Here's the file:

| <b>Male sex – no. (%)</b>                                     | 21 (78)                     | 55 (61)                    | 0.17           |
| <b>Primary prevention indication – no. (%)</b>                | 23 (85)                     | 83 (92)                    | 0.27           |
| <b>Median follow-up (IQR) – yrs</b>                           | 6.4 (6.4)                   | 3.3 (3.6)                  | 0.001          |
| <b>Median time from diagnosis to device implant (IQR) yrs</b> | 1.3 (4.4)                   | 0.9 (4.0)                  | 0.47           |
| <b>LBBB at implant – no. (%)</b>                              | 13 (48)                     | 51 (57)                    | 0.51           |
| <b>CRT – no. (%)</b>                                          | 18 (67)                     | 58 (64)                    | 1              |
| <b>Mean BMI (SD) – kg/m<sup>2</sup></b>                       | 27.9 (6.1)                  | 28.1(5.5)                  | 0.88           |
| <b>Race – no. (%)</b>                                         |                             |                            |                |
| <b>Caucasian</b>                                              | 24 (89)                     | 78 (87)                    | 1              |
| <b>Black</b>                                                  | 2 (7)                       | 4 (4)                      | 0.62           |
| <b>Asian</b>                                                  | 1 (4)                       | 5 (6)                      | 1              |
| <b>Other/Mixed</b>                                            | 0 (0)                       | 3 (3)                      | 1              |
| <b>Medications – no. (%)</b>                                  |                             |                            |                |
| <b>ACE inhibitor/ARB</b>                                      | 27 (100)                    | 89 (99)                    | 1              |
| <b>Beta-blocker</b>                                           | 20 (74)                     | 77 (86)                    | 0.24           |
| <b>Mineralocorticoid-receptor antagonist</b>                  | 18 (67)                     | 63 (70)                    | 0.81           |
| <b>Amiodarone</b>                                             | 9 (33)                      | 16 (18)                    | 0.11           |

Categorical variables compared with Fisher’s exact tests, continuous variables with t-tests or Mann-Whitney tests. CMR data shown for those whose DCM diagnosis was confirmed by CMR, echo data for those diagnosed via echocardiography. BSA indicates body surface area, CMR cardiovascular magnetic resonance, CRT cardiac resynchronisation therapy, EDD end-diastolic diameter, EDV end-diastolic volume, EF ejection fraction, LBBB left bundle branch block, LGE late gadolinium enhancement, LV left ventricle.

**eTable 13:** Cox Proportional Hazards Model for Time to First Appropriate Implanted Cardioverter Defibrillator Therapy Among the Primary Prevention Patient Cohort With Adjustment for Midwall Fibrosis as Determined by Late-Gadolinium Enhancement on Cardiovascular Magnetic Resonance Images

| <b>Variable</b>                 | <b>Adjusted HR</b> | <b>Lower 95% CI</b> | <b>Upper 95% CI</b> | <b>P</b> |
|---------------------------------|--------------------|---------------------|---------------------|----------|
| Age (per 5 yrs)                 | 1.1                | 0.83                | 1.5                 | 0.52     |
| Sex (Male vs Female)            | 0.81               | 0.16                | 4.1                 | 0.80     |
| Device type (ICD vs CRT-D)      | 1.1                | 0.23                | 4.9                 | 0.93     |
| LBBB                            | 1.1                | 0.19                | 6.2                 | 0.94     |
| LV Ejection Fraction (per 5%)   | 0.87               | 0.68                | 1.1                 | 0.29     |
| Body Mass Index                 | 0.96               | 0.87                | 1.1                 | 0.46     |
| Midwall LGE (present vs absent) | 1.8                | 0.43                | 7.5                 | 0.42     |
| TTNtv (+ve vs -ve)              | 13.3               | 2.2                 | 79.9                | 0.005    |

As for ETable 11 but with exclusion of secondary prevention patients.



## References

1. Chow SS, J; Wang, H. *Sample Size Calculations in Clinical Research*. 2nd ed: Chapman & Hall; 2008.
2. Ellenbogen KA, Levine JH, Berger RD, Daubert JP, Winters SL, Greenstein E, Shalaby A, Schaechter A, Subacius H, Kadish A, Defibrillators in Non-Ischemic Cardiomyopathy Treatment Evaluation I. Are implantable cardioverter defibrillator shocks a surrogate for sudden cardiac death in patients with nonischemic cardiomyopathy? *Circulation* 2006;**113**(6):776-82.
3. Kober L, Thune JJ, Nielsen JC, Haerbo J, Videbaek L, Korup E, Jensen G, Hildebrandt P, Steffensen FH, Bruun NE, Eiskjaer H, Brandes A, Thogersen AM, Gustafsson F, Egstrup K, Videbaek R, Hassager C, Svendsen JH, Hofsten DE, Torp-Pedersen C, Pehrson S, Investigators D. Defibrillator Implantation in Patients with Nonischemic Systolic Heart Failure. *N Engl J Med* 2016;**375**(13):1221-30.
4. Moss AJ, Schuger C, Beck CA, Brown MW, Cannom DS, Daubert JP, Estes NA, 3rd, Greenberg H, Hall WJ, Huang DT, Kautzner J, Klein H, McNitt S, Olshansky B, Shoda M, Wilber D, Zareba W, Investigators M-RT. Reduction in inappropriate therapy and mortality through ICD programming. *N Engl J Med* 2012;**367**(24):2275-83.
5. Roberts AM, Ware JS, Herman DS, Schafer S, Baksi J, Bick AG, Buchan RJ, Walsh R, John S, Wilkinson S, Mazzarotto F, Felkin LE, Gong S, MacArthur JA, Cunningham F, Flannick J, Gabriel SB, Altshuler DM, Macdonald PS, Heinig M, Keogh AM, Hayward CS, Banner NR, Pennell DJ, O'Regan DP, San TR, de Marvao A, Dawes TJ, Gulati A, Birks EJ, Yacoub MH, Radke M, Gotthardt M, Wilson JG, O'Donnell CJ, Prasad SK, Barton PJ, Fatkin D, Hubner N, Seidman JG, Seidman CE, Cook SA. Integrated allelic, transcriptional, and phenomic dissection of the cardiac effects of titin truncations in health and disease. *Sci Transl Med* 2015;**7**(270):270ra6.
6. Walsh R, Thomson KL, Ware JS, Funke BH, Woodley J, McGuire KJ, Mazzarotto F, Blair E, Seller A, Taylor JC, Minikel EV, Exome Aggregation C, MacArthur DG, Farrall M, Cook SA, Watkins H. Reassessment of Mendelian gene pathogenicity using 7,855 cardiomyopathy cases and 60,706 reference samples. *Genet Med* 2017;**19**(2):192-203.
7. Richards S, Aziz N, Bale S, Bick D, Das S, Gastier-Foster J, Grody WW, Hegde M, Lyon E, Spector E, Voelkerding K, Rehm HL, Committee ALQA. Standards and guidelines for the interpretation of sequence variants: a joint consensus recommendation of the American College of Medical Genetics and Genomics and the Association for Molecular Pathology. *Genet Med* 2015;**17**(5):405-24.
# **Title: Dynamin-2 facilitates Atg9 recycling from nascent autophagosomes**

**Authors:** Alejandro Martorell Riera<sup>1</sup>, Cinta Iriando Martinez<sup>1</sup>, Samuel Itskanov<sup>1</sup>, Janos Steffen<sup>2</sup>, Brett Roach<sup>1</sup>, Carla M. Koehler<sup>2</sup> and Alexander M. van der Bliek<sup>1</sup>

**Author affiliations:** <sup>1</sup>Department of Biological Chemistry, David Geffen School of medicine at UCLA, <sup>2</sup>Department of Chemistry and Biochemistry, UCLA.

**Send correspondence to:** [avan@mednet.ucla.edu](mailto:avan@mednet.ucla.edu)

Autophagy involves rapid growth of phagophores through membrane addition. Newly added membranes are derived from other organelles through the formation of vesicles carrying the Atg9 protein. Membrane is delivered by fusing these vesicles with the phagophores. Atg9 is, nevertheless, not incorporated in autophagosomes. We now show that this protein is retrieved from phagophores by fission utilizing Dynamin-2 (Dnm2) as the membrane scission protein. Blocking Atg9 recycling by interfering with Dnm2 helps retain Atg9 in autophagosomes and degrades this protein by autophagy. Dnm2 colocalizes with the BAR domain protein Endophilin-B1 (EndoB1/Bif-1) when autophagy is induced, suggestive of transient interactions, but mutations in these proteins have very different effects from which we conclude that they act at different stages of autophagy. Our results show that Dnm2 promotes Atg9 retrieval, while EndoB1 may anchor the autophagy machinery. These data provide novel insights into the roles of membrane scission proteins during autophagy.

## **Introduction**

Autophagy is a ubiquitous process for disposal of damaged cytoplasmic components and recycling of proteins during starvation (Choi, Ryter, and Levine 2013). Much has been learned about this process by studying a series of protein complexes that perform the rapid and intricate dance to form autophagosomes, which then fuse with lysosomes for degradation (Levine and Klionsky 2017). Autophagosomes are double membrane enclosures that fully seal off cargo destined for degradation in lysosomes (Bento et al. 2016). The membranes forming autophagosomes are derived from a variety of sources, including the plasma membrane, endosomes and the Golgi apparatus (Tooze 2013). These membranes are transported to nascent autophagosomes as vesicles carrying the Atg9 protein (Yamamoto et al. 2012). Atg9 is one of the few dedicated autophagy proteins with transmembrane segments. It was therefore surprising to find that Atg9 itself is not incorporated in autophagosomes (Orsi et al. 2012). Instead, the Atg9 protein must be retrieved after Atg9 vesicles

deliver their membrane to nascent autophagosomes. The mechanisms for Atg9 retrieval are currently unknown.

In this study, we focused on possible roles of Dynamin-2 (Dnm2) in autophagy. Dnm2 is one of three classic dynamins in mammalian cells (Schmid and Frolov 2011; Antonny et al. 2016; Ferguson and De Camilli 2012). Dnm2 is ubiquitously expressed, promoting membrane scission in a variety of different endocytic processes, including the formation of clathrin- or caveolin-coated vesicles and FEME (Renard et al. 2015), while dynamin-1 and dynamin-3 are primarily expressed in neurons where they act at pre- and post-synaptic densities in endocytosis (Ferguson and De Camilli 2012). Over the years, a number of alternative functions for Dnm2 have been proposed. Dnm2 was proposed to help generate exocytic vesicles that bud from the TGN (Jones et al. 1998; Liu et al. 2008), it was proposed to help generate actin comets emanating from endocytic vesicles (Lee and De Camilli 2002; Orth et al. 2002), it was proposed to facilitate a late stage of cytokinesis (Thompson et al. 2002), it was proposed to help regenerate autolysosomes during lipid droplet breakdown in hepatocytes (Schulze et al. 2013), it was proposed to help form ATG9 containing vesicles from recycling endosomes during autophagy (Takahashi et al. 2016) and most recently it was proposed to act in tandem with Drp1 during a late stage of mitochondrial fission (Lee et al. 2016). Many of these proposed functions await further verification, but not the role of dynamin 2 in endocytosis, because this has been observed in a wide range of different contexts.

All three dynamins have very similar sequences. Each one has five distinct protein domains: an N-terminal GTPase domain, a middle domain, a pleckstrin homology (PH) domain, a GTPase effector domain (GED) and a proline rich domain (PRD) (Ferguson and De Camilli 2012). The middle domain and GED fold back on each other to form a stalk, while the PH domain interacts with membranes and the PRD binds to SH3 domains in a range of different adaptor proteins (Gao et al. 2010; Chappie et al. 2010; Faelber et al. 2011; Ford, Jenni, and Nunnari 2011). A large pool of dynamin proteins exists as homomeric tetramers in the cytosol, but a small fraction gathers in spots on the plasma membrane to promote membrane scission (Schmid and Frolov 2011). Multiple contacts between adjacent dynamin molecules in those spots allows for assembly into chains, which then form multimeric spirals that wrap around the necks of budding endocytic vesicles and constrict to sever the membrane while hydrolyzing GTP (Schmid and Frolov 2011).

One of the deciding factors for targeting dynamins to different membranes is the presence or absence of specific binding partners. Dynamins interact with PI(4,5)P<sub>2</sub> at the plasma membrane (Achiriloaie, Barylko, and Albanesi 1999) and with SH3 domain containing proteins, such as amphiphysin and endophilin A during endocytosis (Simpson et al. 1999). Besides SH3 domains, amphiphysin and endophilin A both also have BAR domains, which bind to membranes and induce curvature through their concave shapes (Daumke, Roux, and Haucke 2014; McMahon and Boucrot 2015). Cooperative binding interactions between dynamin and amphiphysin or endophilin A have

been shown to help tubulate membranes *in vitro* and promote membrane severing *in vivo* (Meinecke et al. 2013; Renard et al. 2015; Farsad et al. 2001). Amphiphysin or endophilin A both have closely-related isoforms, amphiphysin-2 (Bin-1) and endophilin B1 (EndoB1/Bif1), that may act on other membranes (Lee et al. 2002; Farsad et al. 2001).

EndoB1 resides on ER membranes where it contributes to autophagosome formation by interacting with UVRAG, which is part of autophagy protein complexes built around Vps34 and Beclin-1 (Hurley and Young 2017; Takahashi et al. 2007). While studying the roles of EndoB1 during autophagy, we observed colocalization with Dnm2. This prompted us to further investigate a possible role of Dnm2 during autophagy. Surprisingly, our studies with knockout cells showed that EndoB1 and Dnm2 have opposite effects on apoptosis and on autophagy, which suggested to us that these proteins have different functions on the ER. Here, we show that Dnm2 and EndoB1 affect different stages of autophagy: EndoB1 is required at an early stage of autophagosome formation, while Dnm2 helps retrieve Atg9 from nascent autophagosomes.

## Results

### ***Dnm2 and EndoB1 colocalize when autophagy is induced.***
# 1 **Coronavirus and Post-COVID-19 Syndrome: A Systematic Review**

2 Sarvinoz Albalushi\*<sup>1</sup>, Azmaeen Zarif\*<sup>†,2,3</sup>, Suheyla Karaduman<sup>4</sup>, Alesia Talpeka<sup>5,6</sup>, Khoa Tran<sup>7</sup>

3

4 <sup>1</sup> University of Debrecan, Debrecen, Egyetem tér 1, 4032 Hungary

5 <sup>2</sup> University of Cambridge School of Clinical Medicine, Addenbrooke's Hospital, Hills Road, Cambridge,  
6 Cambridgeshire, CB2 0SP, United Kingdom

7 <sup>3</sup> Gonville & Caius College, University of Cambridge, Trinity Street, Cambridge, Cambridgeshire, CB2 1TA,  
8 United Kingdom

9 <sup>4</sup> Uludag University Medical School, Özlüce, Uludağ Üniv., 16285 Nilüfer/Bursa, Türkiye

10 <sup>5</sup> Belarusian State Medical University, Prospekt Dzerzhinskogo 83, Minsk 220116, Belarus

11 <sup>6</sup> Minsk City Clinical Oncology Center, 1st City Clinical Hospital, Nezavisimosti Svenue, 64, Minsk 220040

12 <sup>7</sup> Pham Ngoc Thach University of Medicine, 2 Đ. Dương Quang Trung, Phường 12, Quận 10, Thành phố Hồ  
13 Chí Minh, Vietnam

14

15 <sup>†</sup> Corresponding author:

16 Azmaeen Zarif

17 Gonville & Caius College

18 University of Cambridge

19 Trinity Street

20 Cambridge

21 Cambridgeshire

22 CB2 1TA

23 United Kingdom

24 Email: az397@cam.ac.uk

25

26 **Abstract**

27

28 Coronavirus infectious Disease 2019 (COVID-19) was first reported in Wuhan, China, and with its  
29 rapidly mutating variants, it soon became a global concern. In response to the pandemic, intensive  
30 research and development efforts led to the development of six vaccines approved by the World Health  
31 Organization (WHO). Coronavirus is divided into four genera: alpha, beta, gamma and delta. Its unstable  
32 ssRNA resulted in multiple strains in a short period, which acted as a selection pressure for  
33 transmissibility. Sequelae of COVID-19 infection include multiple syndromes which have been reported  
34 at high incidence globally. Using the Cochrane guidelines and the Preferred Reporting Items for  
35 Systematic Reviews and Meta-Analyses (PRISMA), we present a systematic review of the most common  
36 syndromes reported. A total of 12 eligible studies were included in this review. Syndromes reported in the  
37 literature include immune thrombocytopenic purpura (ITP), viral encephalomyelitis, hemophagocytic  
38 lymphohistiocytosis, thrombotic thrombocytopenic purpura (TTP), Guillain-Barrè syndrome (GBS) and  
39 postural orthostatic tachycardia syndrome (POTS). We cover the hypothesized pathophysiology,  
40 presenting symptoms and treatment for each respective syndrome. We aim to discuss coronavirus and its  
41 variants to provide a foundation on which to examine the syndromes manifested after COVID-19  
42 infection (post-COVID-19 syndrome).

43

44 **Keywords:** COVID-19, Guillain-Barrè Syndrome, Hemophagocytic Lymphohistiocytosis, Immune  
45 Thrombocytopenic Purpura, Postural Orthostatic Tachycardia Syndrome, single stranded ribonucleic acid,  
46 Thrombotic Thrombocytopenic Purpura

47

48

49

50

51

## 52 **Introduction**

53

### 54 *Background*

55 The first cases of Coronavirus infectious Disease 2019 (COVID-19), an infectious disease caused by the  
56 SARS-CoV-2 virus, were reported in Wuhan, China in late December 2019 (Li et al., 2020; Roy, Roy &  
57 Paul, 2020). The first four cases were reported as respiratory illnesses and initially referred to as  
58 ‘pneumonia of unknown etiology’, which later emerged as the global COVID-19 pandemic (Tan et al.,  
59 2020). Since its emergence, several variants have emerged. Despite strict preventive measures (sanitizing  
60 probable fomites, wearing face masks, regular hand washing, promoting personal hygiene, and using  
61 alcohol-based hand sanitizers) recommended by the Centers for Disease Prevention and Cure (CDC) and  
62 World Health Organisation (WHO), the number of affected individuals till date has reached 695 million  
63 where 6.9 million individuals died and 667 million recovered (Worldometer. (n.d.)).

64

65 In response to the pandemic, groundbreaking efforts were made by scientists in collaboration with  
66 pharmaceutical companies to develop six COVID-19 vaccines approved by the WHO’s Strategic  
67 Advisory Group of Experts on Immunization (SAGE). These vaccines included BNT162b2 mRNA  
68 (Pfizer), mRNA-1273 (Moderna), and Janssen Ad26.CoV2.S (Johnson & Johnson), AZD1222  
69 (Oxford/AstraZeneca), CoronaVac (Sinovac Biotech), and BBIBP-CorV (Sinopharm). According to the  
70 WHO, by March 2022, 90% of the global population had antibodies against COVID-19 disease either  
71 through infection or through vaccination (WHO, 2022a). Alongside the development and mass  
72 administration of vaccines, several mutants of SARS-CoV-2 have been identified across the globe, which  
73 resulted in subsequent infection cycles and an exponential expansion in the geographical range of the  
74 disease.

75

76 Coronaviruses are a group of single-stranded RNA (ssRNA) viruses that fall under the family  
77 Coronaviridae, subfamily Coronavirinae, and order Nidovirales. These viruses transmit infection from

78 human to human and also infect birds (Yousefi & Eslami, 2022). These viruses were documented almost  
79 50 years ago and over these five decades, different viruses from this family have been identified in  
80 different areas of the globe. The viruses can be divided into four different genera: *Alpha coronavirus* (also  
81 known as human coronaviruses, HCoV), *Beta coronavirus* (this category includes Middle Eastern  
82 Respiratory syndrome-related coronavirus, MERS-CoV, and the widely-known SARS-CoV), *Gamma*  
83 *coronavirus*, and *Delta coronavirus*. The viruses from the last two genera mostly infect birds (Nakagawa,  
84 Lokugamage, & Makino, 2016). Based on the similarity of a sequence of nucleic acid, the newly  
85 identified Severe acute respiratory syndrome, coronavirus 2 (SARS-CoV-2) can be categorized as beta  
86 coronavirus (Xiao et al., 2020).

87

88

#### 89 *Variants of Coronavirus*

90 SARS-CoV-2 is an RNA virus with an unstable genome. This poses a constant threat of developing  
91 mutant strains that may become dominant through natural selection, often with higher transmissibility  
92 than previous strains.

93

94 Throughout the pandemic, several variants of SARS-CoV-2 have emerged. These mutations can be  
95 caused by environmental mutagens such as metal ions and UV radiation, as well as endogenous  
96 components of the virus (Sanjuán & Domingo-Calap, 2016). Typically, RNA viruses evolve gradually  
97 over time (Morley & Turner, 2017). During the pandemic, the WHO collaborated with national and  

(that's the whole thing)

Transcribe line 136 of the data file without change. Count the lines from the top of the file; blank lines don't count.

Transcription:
83 *coronavirus*, and *Delta coronavirus*. The viruses from the last two genera mostly infect birds (Nakagawa,  